FDA creates new committee to release early advisories on drug side effects
WASHINGTON The Food and Drug Administration has proclaimed that it will now release more warnings and advisories of side affects for many of the drugs on the market.
The decision stemmed from a confession that the FDA has been more focused on reviewing drugs before getting them on the market, and put less emphasis on monitoring drugs that are currently on the market. According to the Wall Street Journal, this was due to their lack of funds, which has changed recently, based on last year’s legislation which gave the FDA additional money and authority.
The officials of the FDA also stress that they will place emphasis on what they call “early communications,” which will be monitored by their new risk-communication advisory committee. Andrew Von Eschenbach, the FDA commissioner, stated, “I feel strongly it’s important for us to communicate early, but in communicating early we are acting with a much smaller degree of certainty. We are trying to get people to understand that we haven’t said there’s a problem, only that we are concerned there’s a problem.”
According to the Journal, the committee is comprised of outside academic and industry experts, which will aid in communicating risks and benefits for drugs, medical devices and certain foods.
This year, the FDA has already issued four public-health advisories, which warn consumers about certain health problems tied to drugs, compared with 11 advisories for all of 2007.
Combo vaccine for kids linked to fever and seizures
ATLANTA A study by the Centers for Disease Control and Prevention has shown that children suffered higher rates of fever-related convulsions when they got a Merck combination vaccine instead of two separate shots, according to published reports.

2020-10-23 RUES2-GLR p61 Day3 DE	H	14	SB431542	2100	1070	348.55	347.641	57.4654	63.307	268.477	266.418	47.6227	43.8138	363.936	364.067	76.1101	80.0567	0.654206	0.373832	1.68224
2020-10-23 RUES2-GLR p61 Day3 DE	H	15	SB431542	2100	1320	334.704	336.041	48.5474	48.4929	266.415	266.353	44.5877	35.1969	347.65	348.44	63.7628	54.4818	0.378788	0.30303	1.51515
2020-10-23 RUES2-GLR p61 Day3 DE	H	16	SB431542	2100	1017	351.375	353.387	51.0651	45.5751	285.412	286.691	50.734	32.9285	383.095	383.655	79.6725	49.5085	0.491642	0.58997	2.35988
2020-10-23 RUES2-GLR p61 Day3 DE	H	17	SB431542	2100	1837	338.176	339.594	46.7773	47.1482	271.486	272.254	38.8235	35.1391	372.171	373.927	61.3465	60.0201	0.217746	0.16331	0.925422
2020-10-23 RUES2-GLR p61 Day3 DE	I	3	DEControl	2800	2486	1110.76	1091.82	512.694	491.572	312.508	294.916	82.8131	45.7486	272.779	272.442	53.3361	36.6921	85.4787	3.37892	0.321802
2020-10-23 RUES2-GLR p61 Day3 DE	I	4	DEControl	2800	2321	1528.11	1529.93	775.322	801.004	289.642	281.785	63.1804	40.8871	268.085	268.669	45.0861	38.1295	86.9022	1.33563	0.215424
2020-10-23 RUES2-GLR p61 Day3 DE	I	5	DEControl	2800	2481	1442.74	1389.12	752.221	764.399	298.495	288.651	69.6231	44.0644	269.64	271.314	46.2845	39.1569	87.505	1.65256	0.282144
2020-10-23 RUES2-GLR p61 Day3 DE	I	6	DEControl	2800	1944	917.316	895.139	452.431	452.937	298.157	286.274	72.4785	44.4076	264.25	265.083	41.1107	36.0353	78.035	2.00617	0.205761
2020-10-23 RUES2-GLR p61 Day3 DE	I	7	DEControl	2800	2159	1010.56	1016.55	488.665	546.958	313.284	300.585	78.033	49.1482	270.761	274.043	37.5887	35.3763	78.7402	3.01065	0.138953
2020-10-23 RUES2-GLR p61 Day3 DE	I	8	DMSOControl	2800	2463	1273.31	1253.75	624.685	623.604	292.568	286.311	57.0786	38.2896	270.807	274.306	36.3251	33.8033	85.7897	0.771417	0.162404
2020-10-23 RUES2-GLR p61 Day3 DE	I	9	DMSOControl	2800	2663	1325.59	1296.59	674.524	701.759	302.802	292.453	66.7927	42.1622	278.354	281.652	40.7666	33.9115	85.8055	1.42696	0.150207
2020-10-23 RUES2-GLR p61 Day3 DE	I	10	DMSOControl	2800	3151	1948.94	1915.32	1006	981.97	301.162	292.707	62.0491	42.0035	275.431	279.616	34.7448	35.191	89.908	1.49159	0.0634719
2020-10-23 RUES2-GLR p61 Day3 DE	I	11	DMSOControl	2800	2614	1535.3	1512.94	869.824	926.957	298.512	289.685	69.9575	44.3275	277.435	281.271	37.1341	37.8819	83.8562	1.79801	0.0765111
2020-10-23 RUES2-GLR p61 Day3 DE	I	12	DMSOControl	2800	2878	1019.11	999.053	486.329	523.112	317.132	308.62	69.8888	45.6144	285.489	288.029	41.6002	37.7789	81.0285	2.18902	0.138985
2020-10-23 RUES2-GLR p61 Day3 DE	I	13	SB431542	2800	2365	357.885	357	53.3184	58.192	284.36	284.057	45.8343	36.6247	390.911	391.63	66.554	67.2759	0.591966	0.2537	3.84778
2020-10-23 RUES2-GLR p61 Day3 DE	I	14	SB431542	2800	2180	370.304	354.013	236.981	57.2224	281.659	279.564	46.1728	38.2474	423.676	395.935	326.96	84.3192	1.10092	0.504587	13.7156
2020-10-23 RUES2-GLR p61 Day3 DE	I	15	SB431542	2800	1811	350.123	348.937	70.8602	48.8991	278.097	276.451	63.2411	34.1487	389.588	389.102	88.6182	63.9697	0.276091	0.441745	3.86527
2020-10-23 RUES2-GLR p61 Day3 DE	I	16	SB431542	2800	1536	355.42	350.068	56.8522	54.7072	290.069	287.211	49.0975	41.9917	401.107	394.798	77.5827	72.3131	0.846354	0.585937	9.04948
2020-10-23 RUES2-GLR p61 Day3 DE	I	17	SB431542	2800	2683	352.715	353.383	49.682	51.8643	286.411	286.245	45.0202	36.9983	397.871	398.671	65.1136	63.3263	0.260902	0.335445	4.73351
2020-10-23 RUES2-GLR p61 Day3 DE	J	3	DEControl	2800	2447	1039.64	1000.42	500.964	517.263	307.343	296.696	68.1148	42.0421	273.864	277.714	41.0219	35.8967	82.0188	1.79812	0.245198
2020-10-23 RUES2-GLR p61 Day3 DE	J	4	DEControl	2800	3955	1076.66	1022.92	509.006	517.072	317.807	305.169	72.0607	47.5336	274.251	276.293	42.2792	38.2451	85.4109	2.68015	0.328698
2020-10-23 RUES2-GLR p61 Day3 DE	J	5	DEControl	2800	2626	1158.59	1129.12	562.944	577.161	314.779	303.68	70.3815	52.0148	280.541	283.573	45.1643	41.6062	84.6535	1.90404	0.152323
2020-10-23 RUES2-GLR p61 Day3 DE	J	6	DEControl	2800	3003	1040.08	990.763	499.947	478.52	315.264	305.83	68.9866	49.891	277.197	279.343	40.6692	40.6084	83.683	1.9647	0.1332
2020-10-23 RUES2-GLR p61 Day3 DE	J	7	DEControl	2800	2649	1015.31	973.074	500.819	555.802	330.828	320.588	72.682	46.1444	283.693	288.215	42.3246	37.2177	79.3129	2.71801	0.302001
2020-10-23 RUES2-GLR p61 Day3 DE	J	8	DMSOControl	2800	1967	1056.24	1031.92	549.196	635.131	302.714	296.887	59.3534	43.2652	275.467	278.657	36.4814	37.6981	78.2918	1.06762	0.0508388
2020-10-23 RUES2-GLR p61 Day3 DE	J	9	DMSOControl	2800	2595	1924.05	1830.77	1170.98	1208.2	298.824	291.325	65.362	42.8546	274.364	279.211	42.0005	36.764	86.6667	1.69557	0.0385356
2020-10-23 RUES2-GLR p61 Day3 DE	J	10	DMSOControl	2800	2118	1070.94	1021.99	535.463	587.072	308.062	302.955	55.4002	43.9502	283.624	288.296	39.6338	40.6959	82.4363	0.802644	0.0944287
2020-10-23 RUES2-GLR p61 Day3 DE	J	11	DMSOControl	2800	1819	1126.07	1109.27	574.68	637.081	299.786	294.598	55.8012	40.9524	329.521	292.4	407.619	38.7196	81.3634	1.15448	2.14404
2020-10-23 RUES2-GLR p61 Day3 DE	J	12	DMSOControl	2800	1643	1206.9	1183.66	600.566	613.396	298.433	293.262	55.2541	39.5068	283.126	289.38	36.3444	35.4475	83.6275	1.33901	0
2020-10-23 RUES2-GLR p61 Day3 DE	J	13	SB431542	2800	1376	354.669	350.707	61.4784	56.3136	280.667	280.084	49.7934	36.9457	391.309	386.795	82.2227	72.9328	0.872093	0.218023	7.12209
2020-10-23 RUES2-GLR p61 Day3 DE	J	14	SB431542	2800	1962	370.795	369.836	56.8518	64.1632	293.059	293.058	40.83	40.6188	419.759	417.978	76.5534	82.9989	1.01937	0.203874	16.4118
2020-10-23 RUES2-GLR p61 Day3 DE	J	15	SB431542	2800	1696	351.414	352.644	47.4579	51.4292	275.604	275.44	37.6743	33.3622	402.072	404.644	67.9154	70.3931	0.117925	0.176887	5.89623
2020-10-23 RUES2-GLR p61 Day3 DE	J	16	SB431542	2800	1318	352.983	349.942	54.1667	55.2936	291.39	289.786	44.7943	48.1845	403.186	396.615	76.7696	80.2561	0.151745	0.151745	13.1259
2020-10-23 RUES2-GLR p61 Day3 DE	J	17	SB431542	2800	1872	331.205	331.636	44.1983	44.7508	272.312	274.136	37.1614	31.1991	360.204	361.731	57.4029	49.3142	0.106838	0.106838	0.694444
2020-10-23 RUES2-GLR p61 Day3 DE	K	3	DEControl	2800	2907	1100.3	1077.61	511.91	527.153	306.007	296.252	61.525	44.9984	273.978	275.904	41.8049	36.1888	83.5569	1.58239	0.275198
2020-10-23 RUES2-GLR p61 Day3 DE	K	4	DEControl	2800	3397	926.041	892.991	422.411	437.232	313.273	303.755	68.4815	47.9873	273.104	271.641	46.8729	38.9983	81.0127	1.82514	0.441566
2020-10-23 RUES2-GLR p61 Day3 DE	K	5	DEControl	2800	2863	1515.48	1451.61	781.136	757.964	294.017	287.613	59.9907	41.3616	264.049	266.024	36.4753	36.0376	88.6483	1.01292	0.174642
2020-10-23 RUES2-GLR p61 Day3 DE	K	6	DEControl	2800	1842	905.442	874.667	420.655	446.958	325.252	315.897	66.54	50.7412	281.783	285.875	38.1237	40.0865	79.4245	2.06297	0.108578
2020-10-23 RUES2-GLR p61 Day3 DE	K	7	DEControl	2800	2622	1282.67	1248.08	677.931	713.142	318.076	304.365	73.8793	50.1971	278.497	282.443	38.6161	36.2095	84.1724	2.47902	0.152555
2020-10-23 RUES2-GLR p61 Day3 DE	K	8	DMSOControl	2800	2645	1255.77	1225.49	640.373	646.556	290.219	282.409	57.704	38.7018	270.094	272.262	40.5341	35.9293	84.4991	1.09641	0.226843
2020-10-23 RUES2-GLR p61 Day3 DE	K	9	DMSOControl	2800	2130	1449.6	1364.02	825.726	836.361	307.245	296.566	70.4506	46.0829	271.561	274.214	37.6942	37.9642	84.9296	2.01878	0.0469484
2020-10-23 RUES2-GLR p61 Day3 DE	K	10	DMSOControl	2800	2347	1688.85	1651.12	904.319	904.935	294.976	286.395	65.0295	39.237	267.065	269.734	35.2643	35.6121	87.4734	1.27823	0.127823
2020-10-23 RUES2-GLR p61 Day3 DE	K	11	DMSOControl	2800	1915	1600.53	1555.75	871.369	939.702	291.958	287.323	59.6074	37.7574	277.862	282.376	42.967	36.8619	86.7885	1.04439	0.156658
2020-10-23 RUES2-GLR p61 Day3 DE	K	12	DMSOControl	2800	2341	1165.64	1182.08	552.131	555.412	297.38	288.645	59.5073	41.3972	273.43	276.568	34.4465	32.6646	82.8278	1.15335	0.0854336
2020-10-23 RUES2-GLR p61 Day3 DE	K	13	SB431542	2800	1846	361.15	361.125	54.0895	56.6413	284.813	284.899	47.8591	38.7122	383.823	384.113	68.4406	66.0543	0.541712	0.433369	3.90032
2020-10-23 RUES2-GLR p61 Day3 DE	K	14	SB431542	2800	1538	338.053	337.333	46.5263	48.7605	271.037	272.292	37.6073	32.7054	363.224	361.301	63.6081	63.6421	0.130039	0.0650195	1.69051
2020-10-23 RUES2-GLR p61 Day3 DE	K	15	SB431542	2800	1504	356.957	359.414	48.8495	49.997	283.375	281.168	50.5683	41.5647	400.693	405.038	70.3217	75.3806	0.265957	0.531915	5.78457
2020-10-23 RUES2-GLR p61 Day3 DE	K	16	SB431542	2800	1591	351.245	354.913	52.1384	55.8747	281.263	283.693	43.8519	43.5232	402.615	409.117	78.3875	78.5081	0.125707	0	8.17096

Prior to the findings, the CDC’s Advisory Committee on Immunization Practices had stated a distinct preference for the ProQuad vaccine, which protects against measles, mumps and rubella as well as chickenpox. The committee’s argument was that it would be better to give children the fewest injections possible.
Now, however, the committee has withdrawn its preference for ProQuad, choosing not to exhibit any preference at all. “Safety, shortages, delivery issues—lots of reasons not to state such a strong preference,” said a committee member. ProQuad costs $124 per dose, about the same as the two other shots combined.
In the study of children ages 12 months through 23 months, the rate of seizures was twice as high in toddlers who got ProQuad, compared with those who got one shot for chickenpox and one for the three other diseases. Neither the convulsions, nor the fevers that engendered them resulted in any child deaths. Merck has conducted its own study with similar results: 1 occurrence in approximately 2,000 children.
Procter & Gamble wins patent suit for Actonel
CINCINNATI The United States District Court of Delaware today ruled in favor of the Procter & Gamble Company in the patent infringement lawsuit filed by P&G against Teva Pharmaceuticals. The positive ruling protects P&G’s rights in the U.S. to exclusively market the osteoporosis therapy Actonel (risedronate sodium tablets).
P&G filed a patent infringement lawsuit in August against Teva to enforce P&G’s U.S. composition of matter patent for risedronate, the active ingredient in Actonel. Teva was seeking to market a generic version of Actonel in the United States under the assertion that the Actonel patent was not valid due to obviousness of the invention.
The court ruled today in favor of the patent. “We are pleased that the Court recognized and acknowledged the uniqueness of the risedronate molecule,” said Tom Finn, P&G president of global health care. “We are very proud of the extensive R&D efforts which brought Actonel to market, providing patients help that they need to manage their osteoporosis and prevent fractures.”